C I D - 1 3 3 I S S N 1 4 0 3 - 0 7 2 1 D e p a r t m e n t o f N u m e r i c a l A n a l y s i s a n d C o m p u t e r S c i e n c e K T H
Work Environment and Computer Systems Development.
Jan Gulliksen and Bengt Sandblad
CID, CENTRE FOR USER ORIENTED IT DESIGN
Författare: Jan Gulliksen and Bengt Sandblad
Work Environment and Computer Systems Development.
Report number: CID-133
ISSN number: ISSN 1403-0721 (print) 1403-073X (Web/PDF)
Publication date: August 2001
E-mail of author: email@example.com
URL of author: http://cid.nada.kth.se
Reports can be ordered from:
CID, Centre for User Oriented IT Design
NADA, Deptartment of Numerical Analysis and Computer Science
KTH (Royal Institute of Technology)
SE-100 44 Stockhom, Sweden
Telephone: + 46 (0) 8 790 91 00
Fax: + 46 (0) 8 790 90 99
AND THE DEVELOPMENT OF INFORMATION SYSTEMS
J. Gulliksena,b and B. Sandblada
aDepartment of Human Computer Interaction, Information Technology, Uppsala University,
P.O. Box 337, SE-751 05 Uppsala, Sweden
bCentre for User Oriented IT-design (CID), Royal Institute of Technology, Stockholm, Sweden
Investigations indicate that different types of work environment problems in computer supported work are
constantly increasing. Most efforts to improve the work environment are focused on physical or psycho-
social aspects, since these are easier to measure and provide efficient solutions to. Mental workload and
cognitive problems are of a more complex nature, and are therefore more seldom studied and solved.
Solutions to work environment problems are usually applied to already constructed work situations
through health programs, education, reorganizations, etc. The problems are seldom prevented by methods
applied early in the systems development process, i.e. before the artifacts have been designed and
implemented. This, and the following papers of the session, will focus on the need to integrate different
interdisciplinary methods in the analysis, design and evaluation of computerized work situations, aimed at
preventing work environment problems.
1.1 Work environment problems in computer supported work
Despite the increasing interest in work environment problems, we know that problems with badly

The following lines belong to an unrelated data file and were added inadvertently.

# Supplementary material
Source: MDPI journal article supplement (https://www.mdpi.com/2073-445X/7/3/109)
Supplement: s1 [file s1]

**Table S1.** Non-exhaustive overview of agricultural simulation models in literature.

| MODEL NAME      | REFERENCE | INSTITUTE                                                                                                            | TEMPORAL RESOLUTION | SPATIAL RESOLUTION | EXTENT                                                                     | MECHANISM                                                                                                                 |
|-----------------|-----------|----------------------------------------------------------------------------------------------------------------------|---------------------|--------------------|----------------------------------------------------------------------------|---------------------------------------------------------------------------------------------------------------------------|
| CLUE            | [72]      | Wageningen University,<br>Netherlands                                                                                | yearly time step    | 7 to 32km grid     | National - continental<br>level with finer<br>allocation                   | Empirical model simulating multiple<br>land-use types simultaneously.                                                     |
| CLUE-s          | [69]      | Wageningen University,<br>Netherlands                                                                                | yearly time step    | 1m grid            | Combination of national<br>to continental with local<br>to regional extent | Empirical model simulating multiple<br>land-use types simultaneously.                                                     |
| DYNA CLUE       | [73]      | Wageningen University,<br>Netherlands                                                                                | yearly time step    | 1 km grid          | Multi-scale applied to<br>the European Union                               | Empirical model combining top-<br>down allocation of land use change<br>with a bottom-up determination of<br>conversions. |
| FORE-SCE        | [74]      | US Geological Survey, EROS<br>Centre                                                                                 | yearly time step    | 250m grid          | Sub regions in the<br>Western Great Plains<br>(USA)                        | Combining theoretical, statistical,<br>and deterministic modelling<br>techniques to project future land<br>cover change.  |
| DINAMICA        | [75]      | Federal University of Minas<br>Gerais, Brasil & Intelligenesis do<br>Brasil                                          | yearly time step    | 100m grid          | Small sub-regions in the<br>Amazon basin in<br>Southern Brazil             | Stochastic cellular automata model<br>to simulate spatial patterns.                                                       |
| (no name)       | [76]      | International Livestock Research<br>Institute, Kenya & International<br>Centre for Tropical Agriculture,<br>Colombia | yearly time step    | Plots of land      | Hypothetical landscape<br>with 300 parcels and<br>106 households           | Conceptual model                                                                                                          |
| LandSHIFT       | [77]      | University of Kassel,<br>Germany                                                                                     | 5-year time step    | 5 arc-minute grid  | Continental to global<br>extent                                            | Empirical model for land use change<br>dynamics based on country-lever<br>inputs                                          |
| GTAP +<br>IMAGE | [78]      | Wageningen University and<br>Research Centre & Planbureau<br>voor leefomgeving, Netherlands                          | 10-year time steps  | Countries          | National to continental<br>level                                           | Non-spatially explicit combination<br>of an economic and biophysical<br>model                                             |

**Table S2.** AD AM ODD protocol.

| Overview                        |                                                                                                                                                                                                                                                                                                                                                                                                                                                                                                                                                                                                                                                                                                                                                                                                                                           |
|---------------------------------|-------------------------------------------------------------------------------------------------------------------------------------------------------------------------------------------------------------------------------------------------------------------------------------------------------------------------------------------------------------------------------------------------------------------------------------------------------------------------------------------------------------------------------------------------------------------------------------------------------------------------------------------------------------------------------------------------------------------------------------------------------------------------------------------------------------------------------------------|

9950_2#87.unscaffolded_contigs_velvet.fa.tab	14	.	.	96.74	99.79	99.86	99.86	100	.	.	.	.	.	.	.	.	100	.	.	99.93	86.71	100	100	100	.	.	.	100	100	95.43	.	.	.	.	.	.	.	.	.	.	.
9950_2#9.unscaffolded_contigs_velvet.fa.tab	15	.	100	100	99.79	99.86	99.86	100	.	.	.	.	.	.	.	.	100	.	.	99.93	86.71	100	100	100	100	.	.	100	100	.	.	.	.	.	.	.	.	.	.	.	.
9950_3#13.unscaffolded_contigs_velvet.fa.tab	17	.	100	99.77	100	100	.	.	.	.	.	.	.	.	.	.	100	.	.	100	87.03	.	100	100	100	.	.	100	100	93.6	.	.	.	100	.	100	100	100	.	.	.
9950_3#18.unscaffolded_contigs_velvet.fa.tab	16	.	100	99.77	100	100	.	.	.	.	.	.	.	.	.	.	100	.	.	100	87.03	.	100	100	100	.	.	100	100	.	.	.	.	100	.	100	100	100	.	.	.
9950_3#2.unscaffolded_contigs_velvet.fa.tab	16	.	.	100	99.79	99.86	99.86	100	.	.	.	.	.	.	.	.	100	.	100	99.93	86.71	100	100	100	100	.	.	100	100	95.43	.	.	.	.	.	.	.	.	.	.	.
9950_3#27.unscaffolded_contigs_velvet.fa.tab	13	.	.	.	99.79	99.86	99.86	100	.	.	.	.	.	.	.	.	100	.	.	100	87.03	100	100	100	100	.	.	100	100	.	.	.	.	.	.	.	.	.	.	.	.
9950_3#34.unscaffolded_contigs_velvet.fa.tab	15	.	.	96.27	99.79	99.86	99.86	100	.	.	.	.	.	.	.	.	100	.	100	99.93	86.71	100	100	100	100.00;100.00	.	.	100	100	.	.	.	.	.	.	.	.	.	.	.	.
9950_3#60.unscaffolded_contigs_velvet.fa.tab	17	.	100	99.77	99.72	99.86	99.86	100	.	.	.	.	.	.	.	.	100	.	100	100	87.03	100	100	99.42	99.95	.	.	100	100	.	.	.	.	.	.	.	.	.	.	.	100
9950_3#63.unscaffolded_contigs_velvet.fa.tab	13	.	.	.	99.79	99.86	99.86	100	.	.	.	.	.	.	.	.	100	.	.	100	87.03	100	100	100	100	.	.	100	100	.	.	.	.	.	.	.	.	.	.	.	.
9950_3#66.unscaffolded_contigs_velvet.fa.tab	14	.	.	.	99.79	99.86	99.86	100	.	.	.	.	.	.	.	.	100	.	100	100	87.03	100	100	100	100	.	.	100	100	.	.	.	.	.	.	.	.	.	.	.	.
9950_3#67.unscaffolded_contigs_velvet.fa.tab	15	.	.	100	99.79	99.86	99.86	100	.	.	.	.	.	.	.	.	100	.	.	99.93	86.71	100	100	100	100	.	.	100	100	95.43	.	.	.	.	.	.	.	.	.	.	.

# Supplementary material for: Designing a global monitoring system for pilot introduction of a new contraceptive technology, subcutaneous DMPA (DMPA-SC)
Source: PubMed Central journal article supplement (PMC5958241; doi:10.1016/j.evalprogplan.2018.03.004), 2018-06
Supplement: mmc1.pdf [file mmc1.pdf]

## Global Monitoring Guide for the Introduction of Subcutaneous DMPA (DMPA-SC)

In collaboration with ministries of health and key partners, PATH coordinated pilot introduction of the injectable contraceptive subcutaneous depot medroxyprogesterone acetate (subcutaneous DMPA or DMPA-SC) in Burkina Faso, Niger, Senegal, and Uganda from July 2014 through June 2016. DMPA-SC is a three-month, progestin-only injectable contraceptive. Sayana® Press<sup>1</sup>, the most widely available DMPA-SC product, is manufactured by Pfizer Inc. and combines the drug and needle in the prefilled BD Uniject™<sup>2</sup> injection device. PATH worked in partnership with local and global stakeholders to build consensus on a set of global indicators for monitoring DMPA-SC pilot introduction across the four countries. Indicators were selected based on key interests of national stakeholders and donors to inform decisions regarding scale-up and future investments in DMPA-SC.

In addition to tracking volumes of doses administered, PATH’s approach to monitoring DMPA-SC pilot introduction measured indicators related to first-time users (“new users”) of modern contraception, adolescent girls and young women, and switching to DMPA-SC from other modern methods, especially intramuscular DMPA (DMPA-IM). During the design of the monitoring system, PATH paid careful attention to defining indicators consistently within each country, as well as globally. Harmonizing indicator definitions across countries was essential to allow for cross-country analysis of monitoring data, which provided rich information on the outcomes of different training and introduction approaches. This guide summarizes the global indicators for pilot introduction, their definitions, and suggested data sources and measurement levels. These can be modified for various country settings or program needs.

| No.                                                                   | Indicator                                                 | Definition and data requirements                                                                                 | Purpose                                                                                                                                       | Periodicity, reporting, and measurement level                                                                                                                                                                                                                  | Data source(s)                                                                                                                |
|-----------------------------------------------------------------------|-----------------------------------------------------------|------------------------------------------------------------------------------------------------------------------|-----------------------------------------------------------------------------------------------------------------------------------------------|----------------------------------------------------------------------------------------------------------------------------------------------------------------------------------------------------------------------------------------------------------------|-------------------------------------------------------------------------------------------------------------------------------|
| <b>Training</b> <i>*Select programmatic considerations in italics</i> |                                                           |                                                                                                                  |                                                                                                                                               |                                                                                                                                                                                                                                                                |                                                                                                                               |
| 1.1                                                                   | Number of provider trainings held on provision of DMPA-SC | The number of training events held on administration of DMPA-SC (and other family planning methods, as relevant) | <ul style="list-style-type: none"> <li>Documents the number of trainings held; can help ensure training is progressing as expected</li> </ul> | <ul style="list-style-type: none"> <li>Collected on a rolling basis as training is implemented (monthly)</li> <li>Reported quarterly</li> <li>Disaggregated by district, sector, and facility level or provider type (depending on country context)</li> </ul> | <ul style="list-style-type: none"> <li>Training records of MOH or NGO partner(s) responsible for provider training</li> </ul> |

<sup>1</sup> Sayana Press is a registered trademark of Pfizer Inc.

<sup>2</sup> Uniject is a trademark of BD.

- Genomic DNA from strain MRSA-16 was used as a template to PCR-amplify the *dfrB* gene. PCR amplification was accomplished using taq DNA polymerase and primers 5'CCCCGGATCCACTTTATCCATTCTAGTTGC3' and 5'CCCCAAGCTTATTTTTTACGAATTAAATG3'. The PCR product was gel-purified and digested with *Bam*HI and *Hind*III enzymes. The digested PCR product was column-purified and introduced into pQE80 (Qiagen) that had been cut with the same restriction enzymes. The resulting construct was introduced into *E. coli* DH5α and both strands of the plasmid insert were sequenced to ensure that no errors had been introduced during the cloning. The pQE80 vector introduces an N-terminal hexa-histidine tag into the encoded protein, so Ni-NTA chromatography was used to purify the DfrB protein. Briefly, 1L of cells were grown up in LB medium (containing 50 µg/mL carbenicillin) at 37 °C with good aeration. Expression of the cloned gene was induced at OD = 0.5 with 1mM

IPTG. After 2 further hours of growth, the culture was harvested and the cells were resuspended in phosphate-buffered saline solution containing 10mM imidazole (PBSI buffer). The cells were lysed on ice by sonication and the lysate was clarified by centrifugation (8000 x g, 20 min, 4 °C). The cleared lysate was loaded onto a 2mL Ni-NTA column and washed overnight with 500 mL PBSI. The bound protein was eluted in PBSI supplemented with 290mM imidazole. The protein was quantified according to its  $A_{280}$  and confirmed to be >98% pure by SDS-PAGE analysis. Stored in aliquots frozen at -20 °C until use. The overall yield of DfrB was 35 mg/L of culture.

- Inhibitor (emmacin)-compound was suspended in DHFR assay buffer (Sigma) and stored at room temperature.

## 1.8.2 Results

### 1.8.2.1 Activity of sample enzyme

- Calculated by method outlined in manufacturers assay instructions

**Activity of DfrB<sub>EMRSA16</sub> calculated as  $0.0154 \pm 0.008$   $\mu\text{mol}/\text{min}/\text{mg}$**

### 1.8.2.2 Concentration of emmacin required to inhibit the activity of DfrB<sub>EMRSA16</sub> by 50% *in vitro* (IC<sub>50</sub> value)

designed an inefficient computer systems in working life are increasing. Statistics from Sweden show that
in 1999 65% of all Swedish employed used a computer tool in their everyday work. More then 30% used
computer systems during more then 50% of their working day. Recent investigations also show that up to
70% of all employed in office and case handling work, where computer systems are used during most of
the day, report daily problems related to stress, physical and mental load.
A class of work environment problems that becomes especially important to consider in intensively
computer-supported work are the cognitive work environment problems. With cognitive work environ-
ment problems we mean when properties of the work environment hinder the persons performing the
work to efficiently use their skills. These hindrances, i.e. the cognitive work environment problems, are
often associated with the design of the information system. If the system has an inappropriate function-
ality, a bad user interface or if the user does not have the right competencies such problems occur.
Most activities aimed at improving the work environment for professionals in intensively computer
supported work situations are adopted very late, i.e. when physical or psychosocial problems already have
been manifested and reported. We believe that it is both important and feasible to address potential work
environment problems already during the development process. We know, however, that organizations
already have difficulties in addressing aspects related to the usability of artifacts under development. If
we add the challenge to also include work environment aspects in the systems requirements, the task will
most often become impossible in practice.
1.2 Research goals
In our research, some modern software development models and tools have been studied and new
requirements concerning their properties have been specified, in order to improve them. Some of the most
important additional factors that must be treated by the software development tools are: modeling of